Biden Signs Bipartisan Legislation Expanding Health Care Access For Veterans

Wednesday, August 10th 2022, 6:16 pm


President Biden signed what he called long-overdue legislation Wednesday to extend VA health care services and benefits to millions of veterans, and families of veterans, who served at military bases where toxic smoke billowed from large “burn pits.”

Biden's own son Beau died of cancer years after deploying to Iraq.

“We owe you,” Biden said. “You’re the backbone. You’re the steel. You’re the sinew. You’re the very fiber that makes this country what it is.”

The law caps a years-long effort to ensure treatment for chronic illnesses that veterans have blamed on burn pits and to provide death benefits to spouses of veterans whose illnesses took their lives.

Burn pits were used in Iraq, Afghanistan and other overseas locations until about ten years ago to dispose of chemicals, tires, plastics, medical equipment and human waste on military bases. It's estimated the number of affected troops is about 3.5 million.

The law is named in honor of Sgt First Class Heath Robinson: the "Sergeant First Class Heath Robinson Honoring Our Promise to Address Comprehensive Toxics (PACT) Act of 2022."

"I'd like to thank every member of Congress who supported and voted for the PACT Act," said Sgt Robinson's widow Danielle Robinson at the White House signing ceremony Wednesday.

Robinson, with daughter Brielle standing at her side, said, "As a military spouse, when your loved one returns home safely from a deployment, you count your blessings...But ten years post-deployment from Iraq. My husband, Heath, began the biggest battle of his life: a terminal stage four lung cancer diagnosis due to toxic exposure from a burn pit in Baghdad."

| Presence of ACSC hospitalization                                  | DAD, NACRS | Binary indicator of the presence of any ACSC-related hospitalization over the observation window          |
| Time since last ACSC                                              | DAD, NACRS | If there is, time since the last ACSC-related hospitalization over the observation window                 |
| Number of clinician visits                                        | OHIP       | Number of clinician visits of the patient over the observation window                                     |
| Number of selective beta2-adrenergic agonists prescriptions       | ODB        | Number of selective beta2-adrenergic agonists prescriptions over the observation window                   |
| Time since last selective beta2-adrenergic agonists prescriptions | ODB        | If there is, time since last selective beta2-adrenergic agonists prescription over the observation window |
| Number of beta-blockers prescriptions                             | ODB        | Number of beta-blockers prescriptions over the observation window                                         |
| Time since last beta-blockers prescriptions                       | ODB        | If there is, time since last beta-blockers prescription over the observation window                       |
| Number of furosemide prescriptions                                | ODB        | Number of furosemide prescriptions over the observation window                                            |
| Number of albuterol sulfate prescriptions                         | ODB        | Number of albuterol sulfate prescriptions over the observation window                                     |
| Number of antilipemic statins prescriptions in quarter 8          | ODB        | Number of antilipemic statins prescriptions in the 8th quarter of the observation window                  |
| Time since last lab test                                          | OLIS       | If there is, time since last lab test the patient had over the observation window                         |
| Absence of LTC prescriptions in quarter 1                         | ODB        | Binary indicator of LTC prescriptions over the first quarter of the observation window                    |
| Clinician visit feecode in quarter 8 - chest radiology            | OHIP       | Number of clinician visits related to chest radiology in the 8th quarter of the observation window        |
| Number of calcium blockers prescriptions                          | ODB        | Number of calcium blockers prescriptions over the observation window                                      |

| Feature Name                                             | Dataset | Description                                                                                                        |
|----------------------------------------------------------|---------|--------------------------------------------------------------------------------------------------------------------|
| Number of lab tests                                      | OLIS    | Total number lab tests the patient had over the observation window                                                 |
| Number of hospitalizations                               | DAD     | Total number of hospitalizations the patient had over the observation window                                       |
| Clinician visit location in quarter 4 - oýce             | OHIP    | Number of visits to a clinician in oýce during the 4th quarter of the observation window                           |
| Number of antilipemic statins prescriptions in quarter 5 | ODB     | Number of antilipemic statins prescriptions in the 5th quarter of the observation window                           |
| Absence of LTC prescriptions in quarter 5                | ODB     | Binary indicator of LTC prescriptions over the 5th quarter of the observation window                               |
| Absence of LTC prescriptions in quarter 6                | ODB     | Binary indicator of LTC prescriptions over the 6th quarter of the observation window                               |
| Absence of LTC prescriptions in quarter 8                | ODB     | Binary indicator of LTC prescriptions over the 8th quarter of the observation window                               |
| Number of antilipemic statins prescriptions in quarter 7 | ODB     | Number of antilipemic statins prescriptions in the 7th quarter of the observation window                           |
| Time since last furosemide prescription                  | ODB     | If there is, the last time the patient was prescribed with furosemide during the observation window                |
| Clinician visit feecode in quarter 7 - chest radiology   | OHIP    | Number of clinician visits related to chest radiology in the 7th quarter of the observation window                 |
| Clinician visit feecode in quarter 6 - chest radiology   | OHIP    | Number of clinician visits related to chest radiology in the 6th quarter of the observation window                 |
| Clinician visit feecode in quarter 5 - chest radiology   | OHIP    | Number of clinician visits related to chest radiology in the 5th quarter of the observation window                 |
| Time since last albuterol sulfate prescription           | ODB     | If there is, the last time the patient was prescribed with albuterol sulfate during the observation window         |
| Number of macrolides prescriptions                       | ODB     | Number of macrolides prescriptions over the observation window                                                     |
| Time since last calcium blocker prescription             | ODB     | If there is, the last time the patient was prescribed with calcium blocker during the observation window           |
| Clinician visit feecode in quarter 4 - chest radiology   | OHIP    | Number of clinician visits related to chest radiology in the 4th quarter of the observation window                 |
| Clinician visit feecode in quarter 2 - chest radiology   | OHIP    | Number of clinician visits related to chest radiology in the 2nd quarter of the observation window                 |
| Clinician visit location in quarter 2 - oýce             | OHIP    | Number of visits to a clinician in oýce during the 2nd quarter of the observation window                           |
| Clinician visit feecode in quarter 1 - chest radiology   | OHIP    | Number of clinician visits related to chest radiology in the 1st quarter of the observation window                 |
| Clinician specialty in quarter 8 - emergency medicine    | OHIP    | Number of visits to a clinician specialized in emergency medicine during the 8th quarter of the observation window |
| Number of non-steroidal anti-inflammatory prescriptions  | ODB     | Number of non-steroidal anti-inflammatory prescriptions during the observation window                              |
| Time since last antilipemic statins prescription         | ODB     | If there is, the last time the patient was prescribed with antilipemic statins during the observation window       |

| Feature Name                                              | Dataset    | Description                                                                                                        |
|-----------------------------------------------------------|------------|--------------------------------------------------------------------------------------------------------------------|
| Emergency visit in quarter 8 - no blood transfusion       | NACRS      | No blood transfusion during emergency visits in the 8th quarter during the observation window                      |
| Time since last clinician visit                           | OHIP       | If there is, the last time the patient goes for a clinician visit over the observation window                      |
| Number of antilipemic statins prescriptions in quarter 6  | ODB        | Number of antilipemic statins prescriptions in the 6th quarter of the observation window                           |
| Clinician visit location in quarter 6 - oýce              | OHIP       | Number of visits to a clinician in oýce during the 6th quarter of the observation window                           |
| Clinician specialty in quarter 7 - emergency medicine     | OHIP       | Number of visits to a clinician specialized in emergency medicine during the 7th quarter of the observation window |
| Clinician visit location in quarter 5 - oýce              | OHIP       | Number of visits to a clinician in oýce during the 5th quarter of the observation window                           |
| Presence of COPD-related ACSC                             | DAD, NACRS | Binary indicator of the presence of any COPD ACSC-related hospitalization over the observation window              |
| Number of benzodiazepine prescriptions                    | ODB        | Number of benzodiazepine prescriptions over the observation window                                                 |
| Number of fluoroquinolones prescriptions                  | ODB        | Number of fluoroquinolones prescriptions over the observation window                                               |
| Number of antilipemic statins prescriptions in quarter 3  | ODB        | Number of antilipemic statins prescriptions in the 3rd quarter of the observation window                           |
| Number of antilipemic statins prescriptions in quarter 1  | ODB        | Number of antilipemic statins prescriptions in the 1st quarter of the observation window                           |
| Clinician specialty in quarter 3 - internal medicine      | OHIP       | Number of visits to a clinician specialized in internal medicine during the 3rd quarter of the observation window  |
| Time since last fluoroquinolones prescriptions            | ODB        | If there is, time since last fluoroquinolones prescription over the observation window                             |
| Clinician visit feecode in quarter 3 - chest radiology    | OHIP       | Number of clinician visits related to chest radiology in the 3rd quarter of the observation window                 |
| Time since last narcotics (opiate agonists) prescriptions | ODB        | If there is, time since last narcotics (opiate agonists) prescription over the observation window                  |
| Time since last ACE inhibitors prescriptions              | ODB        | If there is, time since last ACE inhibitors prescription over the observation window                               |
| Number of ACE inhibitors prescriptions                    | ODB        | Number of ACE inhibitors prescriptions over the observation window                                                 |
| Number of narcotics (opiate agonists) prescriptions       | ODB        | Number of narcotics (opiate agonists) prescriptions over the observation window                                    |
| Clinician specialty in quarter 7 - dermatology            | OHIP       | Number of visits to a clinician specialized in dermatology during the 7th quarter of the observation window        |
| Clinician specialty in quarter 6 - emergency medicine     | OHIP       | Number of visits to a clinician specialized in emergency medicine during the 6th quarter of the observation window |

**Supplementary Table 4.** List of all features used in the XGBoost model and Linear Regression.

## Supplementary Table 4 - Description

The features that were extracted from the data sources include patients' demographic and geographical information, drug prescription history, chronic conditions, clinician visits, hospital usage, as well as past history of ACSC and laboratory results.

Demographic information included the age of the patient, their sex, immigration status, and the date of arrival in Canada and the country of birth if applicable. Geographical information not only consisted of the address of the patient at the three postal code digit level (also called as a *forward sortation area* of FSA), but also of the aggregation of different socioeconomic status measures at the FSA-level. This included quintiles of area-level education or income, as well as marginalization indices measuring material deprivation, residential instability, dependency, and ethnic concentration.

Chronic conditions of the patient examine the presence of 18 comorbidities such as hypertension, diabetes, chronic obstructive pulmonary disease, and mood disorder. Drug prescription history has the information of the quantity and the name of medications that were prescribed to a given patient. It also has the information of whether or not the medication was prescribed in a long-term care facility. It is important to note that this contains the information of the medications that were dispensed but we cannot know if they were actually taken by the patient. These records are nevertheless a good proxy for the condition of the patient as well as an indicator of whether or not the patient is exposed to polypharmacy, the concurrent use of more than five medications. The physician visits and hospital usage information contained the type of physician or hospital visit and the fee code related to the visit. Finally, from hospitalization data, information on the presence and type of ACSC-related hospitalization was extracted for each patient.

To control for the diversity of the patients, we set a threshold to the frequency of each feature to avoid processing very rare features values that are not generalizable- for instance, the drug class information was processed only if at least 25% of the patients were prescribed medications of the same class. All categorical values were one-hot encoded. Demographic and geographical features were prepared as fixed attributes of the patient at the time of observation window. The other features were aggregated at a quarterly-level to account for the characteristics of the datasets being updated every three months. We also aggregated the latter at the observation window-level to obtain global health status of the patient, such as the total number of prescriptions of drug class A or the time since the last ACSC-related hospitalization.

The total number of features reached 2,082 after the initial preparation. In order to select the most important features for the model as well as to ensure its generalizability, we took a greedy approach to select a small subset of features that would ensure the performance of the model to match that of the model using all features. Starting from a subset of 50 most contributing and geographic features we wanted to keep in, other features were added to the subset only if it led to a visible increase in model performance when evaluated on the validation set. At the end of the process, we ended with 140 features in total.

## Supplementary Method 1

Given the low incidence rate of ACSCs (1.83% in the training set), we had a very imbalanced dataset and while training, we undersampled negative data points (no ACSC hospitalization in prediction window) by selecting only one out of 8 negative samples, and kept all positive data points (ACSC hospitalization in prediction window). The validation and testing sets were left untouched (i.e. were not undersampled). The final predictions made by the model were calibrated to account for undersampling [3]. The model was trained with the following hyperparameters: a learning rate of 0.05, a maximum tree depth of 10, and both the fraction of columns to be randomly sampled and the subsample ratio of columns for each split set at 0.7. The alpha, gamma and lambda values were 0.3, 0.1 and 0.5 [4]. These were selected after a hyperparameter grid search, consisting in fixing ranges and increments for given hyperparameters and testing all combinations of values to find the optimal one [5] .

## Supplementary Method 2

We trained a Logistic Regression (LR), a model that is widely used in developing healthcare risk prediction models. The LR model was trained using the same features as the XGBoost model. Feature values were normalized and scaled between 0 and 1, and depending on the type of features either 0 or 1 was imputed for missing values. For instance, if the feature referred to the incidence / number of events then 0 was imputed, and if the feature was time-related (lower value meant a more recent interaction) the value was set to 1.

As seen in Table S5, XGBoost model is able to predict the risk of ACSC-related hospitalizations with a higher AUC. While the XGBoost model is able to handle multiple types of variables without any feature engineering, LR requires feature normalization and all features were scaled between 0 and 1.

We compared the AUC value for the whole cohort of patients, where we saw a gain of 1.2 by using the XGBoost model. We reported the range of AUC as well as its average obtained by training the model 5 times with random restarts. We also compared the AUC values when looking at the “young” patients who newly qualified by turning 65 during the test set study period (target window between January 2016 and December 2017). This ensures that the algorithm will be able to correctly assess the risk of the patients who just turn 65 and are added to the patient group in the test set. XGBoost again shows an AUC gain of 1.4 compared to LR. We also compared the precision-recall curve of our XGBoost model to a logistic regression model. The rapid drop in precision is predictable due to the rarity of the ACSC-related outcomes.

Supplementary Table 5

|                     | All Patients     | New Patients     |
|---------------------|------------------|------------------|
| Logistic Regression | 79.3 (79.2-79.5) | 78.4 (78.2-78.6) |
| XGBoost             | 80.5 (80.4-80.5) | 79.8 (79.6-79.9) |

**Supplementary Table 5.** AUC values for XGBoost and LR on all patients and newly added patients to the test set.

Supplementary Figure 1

Heath Robinson died in 2020.

"I think now I can grieve his loss," said Susan Zeier, Heath's mother-in-law, in an interview following the bill signing.

Zeier says she and the family have been too busy advocating for changes in the law to properly mourn her son-in-law's passing.

"Heath asked me to promise that I would continue telling his story in order to get the help out there to the other veterans who are sick and dying and being denied by the VA," Zeier related, "so, today this means I fulfilled my promise and Heath can rest in peace."

The Veterans Administration has reportedly denied about 70 percent of claims related to toxic burn pit exposure in Iraq and Afghanistan, generally because veterans have been unable to conclusively prove that their illnesses were service-related.

That changes under the PACT Act.

"They don’t have to fight anymore to prove that," said Elizabeth Beck, a Fort Worth, TX council member and veteran of Operation Iraqi Freedom who attended the signing ceremony.

"We smelled it, we felt it, every day," Beck said in an interview, describing her 2005 deployment to Taji, Iraq. "We saw the smoke billowing from the burn pit. We felt it in our breathing."

Beck says she has had her own exposure-related health issues and it's critically important that the law now presumes there is a connection between the illnesses she and other veterans are suffering from and the toxic fumes that were present wherever U.S. troops were deployed post-9/11.

Enacting this law shows, she says, that the president and all who voted for it "understand the true cost of war -- that it’s not just the lives that we lose during the battle, but it’s those that we lose coming home, whether that be to suicide or illness. So, this is just another step in making sure that we take care of those took care of us."

Two members of the Oklahoma delegation voted against the bill -- Rep. Kevin Hern (R-OK1) and Sen. James Lankford (R-OK).

Sen. Lankford said it's precisely because of his support for veterans that he voted no. He believes the bill takes the science out of determining whether an illness is service-connected and that the expanded benefits will mean longer wait times for treatment for those veterans already qualified.

Officials with the Veterans Administration say they know this means more work for them -- more claims to review and more veterans to treat -- but say they have already begun taking actions to meet the increased demand.


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